This blog post is a first in a series of guest posts we are rolling out. The auther, Jesse Stoller, hails from northwest Indiana where his family farms. He is the owner of Ag Data Partners which developed out of his homegrown passion for farm finance and data analysis.
When playing with building blocks as a child, many of us recognized the importance of building a structure in the right way and order. If we tried to build our creation on our bed, the structure would soon topple over due to a lack of a stable foundation. With only a slight movement, the mattress would shift and bring the walls tumbling down. It was obvious that we couldn’t build the second level until the first was complete or the roof before the walls. These were just rules of building that we couldn’t usurp or shortcut.
A simple concept that seems to escape some people is the fact that successful businesses do not just happen; they are built just like our toy building block creations. Just like our childhood building projects, the inherent rules still apply. Business building takes time and needs to be done in the correct order. The first level cannot be built until the foundation is complete and strong enough to withstand the weight and stress of the structure and environment.
In production agriculture, the need for a strong foundation is the same, and at times, even more important than some other industries. Farmers are trying to thrive in a very volatile, uncertain, and ever-changing environment. The emotional strain this can bring to a farmer is tremendous and will most likely effect the decisions made on the farm. This is why having a foundation anchored by numbers is so critical.
There have been many impressive and powerful tools developed recently for crop producers to track their profitability and input ROI by sub-acre levels. The issue that many growers are realizing is that these tools are extremely difficult to implement because of the inherent challenges of data collection and management. We need to focus and simplify our efforts to foundational levels first before attempting to implement higher level tools such as these. There is also a wide array of companies that boast their products as being the cutting edge in the industry. These also are poor investments if a solid business foundation has not been established. The foundation needs to be laid first before moving to the next level.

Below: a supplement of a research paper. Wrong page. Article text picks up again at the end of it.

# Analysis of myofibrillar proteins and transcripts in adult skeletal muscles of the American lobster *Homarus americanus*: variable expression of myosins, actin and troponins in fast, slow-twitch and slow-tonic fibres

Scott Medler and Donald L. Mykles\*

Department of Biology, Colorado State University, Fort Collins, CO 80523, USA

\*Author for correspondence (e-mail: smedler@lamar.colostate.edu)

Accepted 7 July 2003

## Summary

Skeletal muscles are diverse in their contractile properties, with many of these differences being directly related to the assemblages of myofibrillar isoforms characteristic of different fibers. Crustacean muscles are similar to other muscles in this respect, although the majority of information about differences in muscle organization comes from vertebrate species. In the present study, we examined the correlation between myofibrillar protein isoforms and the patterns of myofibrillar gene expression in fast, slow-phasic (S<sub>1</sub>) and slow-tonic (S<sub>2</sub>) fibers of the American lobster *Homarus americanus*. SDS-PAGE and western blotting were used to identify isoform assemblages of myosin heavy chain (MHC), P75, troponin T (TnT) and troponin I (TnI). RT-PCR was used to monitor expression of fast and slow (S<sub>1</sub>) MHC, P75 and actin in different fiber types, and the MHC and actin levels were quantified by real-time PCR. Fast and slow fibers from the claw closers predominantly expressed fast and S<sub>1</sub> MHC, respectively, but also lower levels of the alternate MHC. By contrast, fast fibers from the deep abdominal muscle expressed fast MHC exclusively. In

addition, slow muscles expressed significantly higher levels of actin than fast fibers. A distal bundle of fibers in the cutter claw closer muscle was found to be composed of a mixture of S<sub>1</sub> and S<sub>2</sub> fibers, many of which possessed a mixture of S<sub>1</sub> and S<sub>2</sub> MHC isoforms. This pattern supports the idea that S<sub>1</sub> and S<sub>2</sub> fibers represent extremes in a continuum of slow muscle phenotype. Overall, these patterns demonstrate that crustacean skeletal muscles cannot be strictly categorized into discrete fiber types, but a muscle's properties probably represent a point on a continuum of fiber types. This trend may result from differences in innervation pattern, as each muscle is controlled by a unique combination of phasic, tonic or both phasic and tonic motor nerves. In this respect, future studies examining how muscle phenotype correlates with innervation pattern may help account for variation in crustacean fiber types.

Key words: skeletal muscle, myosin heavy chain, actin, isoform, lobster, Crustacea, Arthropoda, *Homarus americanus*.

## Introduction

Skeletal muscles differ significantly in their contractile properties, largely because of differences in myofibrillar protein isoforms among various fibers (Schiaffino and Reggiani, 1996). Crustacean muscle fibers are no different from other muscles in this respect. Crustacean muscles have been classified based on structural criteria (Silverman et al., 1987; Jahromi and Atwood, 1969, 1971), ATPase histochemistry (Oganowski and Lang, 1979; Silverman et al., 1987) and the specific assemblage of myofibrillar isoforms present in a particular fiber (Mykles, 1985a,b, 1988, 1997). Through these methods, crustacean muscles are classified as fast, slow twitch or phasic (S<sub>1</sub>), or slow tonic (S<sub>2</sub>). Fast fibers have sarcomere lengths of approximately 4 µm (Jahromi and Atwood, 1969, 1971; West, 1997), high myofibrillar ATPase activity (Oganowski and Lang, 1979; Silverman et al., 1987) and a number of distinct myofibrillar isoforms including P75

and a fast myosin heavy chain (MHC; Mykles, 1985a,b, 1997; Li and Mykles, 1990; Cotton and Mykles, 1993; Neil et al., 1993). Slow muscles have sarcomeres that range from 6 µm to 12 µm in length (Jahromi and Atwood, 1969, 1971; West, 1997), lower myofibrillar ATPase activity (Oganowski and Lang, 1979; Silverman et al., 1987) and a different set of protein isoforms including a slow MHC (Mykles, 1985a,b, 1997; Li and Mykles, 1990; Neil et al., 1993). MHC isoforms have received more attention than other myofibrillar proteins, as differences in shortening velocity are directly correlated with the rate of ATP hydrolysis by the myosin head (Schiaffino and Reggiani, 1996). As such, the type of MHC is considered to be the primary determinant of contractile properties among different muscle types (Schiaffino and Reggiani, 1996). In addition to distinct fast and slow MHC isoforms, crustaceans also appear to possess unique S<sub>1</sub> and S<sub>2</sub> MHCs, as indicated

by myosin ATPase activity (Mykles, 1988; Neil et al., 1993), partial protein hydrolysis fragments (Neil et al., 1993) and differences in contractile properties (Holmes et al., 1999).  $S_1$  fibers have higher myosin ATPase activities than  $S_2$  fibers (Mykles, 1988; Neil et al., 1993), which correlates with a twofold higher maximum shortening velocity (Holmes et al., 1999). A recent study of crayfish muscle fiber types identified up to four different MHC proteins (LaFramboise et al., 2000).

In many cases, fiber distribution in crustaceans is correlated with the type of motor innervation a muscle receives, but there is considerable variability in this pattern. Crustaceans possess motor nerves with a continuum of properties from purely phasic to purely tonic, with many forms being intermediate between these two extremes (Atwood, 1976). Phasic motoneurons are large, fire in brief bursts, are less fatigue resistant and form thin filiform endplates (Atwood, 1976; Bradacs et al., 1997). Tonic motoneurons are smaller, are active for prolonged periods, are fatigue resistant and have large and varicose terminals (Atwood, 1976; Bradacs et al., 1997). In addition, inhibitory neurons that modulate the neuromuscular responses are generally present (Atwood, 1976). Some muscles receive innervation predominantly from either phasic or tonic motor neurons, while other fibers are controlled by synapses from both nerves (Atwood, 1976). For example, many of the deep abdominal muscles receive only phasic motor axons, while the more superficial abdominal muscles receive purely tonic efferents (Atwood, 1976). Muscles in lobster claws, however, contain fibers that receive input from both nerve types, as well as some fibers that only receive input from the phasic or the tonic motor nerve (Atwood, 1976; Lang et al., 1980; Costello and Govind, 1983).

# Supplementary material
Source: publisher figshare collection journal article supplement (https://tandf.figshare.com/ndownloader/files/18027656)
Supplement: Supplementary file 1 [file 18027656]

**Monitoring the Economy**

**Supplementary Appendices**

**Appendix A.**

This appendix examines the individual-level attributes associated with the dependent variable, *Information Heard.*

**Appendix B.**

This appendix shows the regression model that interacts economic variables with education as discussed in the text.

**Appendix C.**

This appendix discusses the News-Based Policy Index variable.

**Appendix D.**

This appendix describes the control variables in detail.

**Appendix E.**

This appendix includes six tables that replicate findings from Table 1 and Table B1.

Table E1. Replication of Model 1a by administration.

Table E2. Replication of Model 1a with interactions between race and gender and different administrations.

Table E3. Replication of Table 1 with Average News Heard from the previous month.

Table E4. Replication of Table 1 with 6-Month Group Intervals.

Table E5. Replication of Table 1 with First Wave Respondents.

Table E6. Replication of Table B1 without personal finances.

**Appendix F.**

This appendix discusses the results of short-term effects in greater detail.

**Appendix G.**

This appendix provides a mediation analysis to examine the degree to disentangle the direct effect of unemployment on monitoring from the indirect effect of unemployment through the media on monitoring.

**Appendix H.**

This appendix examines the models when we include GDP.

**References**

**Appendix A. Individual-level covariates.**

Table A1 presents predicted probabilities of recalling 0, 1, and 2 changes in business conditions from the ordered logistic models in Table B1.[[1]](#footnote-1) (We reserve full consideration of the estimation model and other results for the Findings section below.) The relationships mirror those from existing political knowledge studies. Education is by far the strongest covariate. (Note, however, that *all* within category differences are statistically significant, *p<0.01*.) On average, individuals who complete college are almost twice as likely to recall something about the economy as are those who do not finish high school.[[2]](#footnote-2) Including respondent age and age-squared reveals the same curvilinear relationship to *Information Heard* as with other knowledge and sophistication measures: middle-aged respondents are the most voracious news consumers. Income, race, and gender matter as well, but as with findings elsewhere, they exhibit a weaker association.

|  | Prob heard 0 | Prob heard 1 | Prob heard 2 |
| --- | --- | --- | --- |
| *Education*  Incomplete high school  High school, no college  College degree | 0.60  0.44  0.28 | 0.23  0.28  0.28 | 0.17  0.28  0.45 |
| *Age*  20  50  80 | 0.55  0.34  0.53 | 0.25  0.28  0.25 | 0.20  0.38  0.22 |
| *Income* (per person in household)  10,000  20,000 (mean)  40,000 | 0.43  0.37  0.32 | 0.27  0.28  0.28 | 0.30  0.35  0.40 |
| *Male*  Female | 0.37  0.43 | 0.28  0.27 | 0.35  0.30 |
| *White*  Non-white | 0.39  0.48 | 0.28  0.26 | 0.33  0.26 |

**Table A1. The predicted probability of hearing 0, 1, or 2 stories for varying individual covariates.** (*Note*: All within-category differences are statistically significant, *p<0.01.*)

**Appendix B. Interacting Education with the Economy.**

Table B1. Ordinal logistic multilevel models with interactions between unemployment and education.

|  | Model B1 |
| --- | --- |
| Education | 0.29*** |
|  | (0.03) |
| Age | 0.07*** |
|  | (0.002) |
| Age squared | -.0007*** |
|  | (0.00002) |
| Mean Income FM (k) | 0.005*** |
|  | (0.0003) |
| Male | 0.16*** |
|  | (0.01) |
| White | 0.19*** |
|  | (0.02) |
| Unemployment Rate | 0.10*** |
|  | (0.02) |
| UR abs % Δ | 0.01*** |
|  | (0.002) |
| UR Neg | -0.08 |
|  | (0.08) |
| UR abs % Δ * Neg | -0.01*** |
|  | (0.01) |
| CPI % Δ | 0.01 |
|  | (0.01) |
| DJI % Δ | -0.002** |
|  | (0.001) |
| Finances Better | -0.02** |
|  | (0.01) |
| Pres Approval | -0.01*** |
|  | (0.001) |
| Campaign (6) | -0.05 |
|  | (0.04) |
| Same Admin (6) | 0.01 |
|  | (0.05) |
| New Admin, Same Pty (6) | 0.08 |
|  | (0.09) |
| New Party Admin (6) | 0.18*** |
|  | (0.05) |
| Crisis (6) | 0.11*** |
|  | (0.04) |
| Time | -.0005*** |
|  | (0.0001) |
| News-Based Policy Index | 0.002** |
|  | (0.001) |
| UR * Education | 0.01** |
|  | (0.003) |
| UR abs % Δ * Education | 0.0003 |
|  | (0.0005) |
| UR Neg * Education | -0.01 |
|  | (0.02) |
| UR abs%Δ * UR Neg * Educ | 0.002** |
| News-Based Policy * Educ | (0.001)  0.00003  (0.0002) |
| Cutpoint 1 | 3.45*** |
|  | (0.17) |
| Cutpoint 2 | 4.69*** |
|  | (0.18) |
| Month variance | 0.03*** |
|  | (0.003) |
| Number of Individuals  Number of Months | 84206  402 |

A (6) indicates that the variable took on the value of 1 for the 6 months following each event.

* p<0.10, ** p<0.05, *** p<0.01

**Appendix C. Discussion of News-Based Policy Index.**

The key component to a strong foundation is knowing your numbers. Some of the most successful farmers may even tell you that they have gotten to the point when they needed to know their numbers in order to sleep at night. Every farm needs to know their breakeven levels, return on management practices, individual field accrual performance, cash flow, and P&L’s. These are critical components to any business’s foundation.
So let’s look into the individual fundamental components that makes up a strong farm foundation.
The first that we need to cover is the exercise of researching different markets and deciding which you would like to target. For example, if there is a production facility nearby that produces non-GMO corn chips, there may be a significant opportunity for you to capitalize on this specialty crop option. The same goes for many other market opportunities that sometimes get overlooked by the majority of producers. It is very important to know the market and the environment in which you are running your business.